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WES Weekly Roundup March 27, 2024

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World Education Services (WES) is a non-profit social enterprise dedicated to helping international students, immigrants, and refugees achieve their educational and career goals in the United States and Canada. The weekly roundup includes research, stories, and events of interest to the Canadian immigration and settlement community. This content has been created by WES and is reproduced here with their permission, in partnership.

With move to limit temporary residents, Ottawa is ‘attacking the demand curve now’ (Globe & Mail)

The Canadian government, under the initiative announced by Immigration Minister Marc Miller, plans to cap the number of temporary residents to alleviate pressure on the housing market and combat inflation. This strategy seeks to lower the ratio of temporary residents from 6.2 percent to 5 percent of the total population over the next three years, effectively reducing the current count of 2.5 million temporary residents by about 20 percent. This unprecedented step, given Canada's history of not setting targets for temporary resident admissions, responds to concerns about the nation's capacity to integrate these individuals amidst strains on housing and healthcare. Economist Robert Kavcic of the Bank of Montreal sees this policy as a prompt way to reduce housing demand, a faster solution compared to the time it takes to increase supply. The initiative addresses issues arising from rapid population growth, driven significantly by temporary residents, and its impact on resources, despite the recognized need for immigration to counter labour shortages and an ageing population. The government will also adjust the Temporary Foreign Worker Programme, reducing the quota of low-wage temporary foreign workers that certain sectors can employ from May 1, sparking unease in industries facing significant job vacancies, like food services. Critics advocate for a strategy linking economic immigration to clear, measurable objectives, to gauge the effectiveness of immigration programmes. These policy changes aim to balance the number of temporary residents with Canada's economic and social capacity, fostering sustainable development.

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You Close Roxham Road, People Are Just Going to Cross Somewhere Else” (The Walrus)

In March 2023, the Canadian and American federal governments announced the closure of Roxham Road, an official border crossing that was considered by many migration policy experts to be a loophole to the joint Safe Third Country Agreement (STCA). Under the STCA, asylum seekers are required to request protection in the first country that they arrive in and at official points of entry. Although various measures, including the extension of the STCA and closure of all unofficial entry points, have been implemented to mitigate the influx of irregular migration, challenges persist. Provinces including Quebec are reportedly 'stretched to capacity' as many settlement service organizations are unable to adequately respond to the exponential growth of newcomers arriving. While land crossings began to dwindle, asylum claims made at local airports tripled, leading to roughly the same figures, when comparing April 2022 to April 2023. Humanitarian concerns are also rising to the forefront, as many migrants continue to seek out other entry points that may be even more precarious, leading to increased exposure to human trafficking, smuggling and other human rights abuses. Advocates argue that closing doors is simply not the solution, and that Canada must develop a plan not only to regularize the status of migrants but to prioritize the well-being and safety of those seeking haven in Canada.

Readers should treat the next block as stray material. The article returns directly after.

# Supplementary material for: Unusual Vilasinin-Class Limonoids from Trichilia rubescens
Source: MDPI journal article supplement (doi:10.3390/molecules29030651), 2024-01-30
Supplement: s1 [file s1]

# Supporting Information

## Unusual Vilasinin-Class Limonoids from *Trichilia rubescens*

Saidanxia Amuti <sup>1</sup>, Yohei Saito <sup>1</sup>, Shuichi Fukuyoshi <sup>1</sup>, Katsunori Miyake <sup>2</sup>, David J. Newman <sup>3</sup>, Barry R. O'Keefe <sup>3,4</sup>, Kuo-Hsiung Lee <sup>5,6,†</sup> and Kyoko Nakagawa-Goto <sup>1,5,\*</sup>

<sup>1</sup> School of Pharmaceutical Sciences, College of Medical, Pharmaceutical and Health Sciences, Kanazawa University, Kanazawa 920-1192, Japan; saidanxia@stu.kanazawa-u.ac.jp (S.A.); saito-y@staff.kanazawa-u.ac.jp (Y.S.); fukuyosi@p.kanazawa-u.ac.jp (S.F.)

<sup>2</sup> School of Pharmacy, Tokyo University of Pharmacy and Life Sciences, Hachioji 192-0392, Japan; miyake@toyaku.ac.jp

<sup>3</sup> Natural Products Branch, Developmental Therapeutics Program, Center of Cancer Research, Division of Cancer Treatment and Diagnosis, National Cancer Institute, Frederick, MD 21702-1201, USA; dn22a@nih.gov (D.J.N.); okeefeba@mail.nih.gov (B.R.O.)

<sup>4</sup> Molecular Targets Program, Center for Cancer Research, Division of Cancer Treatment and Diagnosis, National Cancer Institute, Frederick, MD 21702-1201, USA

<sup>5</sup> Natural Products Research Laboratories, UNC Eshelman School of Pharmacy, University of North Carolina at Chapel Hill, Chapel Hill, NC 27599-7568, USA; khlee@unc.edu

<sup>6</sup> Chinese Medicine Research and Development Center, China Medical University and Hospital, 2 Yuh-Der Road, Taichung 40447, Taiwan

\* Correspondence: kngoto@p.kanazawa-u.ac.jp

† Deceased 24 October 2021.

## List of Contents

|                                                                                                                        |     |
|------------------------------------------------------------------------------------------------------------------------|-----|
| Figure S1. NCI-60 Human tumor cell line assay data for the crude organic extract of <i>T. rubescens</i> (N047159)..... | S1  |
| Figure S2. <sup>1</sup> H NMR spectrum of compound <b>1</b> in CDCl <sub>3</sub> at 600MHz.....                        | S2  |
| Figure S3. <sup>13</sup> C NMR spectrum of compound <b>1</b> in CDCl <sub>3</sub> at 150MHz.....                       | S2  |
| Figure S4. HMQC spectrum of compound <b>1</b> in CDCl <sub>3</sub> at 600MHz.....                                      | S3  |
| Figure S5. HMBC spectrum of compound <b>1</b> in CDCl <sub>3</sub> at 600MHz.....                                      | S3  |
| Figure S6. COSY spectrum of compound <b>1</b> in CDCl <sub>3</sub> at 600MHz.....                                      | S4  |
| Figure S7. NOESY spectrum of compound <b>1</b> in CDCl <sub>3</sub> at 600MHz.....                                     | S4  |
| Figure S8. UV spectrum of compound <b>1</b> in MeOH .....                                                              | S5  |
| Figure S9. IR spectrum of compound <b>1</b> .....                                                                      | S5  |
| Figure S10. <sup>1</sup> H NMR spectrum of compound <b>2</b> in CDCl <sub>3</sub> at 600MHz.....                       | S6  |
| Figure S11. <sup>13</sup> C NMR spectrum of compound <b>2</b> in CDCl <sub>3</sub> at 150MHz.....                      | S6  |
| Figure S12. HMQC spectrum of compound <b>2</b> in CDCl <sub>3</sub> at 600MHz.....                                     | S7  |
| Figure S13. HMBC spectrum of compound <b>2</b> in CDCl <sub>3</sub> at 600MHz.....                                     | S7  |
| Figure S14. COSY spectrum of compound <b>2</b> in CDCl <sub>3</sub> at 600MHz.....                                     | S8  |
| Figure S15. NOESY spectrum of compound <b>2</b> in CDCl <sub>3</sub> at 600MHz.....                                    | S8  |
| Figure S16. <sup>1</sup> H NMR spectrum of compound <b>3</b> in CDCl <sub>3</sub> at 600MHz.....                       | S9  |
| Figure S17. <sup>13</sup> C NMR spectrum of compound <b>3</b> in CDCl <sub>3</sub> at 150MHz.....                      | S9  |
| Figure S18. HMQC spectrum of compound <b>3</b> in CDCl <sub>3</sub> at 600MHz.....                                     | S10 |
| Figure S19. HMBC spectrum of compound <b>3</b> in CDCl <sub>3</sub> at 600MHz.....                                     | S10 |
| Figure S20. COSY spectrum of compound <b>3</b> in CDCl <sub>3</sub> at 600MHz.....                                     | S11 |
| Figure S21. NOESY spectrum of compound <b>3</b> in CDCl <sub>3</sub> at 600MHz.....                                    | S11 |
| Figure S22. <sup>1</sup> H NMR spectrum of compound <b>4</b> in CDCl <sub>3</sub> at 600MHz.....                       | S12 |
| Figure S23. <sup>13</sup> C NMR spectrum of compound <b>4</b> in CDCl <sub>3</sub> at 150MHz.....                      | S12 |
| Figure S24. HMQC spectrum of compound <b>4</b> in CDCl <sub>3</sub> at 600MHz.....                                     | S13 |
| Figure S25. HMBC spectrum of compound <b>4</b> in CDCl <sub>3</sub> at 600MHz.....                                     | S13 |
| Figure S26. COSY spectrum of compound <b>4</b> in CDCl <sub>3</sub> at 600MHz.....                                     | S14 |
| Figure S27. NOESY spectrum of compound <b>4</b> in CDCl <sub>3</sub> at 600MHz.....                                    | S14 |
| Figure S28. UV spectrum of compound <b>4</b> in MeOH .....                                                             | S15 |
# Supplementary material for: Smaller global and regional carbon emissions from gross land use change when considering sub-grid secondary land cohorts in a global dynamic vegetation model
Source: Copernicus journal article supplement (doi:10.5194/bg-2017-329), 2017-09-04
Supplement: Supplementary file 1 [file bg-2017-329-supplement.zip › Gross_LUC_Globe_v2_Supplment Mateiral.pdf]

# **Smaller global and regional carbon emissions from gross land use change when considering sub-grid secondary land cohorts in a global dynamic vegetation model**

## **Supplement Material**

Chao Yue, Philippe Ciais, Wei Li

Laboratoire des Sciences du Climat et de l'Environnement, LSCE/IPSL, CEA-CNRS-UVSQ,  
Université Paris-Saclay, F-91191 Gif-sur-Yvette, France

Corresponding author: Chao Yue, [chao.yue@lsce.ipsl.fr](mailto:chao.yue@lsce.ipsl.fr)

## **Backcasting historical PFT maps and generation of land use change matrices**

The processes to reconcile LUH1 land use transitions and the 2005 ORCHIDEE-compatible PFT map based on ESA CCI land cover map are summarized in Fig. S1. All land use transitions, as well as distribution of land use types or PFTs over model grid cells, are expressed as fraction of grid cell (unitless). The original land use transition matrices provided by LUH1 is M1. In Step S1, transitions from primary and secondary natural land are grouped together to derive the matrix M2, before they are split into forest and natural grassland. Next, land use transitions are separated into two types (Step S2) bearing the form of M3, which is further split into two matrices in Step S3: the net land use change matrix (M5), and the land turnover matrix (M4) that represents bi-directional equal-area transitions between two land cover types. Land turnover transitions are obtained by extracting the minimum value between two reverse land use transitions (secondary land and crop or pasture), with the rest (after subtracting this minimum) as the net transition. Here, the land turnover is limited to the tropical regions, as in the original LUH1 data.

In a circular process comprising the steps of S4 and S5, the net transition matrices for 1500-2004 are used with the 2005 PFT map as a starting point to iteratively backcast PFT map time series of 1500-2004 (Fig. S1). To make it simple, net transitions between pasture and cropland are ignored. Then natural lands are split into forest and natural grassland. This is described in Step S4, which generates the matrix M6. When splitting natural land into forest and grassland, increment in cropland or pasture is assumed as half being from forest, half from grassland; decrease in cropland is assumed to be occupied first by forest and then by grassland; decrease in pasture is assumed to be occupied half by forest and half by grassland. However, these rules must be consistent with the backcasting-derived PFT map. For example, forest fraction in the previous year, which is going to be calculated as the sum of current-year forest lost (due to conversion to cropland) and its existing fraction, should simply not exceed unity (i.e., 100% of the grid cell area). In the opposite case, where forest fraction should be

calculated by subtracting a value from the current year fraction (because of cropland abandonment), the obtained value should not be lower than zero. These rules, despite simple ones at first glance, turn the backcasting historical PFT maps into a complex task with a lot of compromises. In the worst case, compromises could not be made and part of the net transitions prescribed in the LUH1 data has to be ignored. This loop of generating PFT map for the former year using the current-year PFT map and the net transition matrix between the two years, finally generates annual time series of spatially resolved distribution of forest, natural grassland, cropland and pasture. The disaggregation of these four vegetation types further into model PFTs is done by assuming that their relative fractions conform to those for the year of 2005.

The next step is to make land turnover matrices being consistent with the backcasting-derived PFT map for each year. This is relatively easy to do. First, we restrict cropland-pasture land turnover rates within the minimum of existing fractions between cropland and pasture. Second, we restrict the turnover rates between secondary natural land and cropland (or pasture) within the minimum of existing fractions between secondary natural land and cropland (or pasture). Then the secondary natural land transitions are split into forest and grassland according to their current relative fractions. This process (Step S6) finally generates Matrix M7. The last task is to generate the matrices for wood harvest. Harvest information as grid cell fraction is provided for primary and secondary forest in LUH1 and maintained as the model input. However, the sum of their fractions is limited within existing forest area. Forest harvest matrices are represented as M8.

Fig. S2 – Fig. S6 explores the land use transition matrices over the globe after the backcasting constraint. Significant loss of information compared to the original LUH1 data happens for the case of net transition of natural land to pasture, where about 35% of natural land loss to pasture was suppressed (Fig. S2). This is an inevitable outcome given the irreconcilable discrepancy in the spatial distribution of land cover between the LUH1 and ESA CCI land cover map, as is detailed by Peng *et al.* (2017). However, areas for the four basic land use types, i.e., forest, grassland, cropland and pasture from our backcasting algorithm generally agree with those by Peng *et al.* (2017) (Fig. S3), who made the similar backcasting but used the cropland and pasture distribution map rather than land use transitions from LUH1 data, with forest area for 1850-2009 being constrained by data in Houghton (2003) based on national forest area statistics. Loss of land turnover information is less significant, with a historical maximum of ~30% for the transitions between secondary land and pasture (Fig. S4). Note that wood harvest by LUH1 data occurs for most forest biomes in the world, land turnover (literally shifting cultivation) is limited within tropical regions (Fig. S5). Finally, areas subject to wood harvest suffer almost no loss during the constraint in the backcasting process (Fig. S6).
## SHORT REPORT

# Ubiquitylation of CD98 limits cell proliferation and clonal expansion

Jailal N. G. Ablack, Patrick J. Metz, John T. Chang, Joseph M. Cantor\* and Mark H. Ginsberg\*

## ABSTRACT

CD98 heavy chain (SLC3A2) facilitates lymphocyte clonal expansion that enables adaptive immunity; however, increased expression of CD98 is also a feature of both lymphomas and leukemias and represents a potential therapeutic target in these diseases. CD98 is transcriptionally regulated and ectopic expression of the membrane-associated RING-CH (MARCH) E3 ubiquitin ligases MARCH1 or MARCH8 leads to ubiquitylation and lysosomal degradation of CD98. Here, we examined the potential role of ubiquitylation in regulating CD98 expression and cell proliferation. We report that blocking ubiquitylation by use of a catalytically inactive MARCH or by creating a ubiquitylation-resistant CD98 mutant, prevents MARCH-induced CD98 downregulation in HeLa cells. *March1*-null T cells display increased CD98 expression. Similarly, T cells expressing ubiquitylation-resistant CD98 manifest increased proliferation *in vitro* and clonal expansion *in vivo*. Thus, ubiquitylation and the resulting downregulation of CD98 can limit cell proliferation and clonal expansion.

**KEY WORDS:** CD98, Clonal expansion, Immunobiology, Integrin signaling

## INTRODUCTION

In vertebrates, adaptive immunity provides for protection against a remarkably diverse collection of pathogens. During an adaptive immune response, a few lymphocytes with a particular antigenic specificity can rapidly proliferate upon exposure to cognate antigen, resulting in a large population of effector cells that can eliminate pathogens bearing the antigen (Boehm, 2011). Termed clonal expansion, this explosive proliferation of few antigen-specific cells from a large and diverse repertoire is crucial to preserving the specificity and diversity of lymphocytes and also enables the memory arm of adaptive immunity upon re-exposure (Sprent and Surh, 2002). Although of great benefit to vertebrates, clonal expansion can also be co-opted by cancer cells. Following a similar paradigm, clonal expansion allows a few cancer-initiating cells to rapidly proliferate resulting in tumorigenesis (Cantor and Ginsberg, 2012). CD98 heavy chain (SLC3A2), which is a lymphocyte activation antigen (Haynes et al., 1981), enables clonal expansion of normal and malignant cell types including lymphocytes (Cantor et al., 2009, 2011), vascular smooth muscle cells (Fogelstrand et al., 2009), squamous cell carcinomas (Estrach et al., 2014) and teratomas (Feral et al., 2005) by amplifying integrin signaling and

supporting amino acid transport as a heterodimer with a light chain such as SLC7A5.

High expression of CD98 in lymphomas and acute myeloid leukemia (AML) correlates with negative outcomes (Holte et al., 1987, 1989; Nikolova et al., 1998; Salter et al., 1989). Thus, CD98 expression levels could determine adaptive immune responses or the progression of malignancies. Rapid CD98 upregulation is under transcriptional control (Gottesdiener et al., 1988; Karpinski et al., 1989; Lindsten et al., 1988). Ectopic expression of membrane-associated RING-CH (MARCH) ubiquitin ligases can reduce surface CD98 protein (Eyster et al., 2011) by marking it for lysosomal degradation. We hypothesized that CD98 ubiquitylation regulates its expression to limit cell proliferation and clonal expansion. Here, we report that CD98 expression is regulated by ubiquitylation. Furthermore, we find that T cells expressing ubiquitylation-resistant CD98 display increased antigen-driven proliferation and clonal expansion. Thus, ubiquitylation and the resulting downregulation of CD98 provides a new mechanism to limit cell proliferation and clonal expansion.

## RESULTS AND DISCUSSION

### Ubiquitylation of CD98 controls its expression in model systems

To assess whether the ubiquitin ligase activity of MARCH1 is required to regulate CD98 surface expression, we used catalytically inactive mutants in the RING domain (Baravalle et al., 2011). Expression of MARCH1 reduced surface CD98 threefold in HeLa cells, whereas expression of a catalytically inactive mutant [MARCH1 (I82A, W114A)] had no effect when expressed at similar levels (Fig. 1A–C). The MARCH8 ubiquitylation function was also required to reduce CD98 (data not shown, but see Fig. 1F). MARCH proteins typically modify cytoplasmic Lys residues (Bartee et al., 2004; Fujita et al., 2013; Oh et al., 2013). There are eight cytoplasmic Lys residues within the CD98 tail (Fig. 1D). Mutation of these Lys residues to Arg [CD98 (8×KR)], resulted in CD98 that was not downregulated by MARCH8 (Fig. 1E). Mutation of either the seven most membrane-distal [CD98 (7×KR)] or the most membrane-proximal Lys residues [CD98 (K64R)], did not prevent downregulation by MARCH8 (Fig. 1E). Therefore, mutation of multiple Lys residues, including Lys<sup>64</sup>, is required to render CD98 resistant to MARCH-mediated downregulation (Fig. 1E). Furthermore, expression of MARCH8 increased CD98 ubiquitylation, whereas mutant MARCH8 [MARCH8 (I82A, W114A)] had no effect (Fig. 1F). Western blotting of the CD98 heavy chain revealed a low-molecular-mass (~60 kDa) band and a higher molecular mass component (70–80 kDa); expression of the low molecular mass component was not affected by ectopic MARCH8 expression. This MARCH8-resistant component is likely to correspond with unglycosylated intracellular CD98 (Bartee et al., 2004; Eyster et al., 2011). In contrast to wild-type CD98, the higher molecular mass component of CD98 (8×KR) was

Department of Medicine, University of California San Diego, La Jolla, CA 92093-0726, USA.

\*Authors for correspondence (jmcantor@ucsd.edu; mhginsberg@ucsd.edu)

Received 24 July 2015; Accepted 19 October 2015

Life in Canada is 'more expensive' than most immigrants expected, new poll finds (National Post)

A new research study released from Leger highlights that many newcomers are experiencing more financial strain than previously anticipated upon moving to Canada. This is due largely to challenges in navigating access to employment and not having local or Canadian work experience. Nearly 38 percent of employed respondents noted that they were unable to find a job in their field, while 60 percent note difficulty in finding jobs a result of a lack of credential recognition. In this case, many highly skilled and educated immigrants (holding a bachelor's degree or above), with years of relevant experience, are pushed into working survival jobs in order to support themselves and their family. The poll reveals that nearly 84 percent of the newcomers surveyed cite that the cost of living in Canada is significantly steeper than what they expected prior to immigrating, and that 'economic freedom' was a key motivator for their move to Canada. Growing inflation and ongoing affordability continue to cause concern for newcomers and long-term residents alike. Current conditions have pushed many newcomers to consider returning to their country of origin or emigrating to another country in the coming years, if progress is not made.

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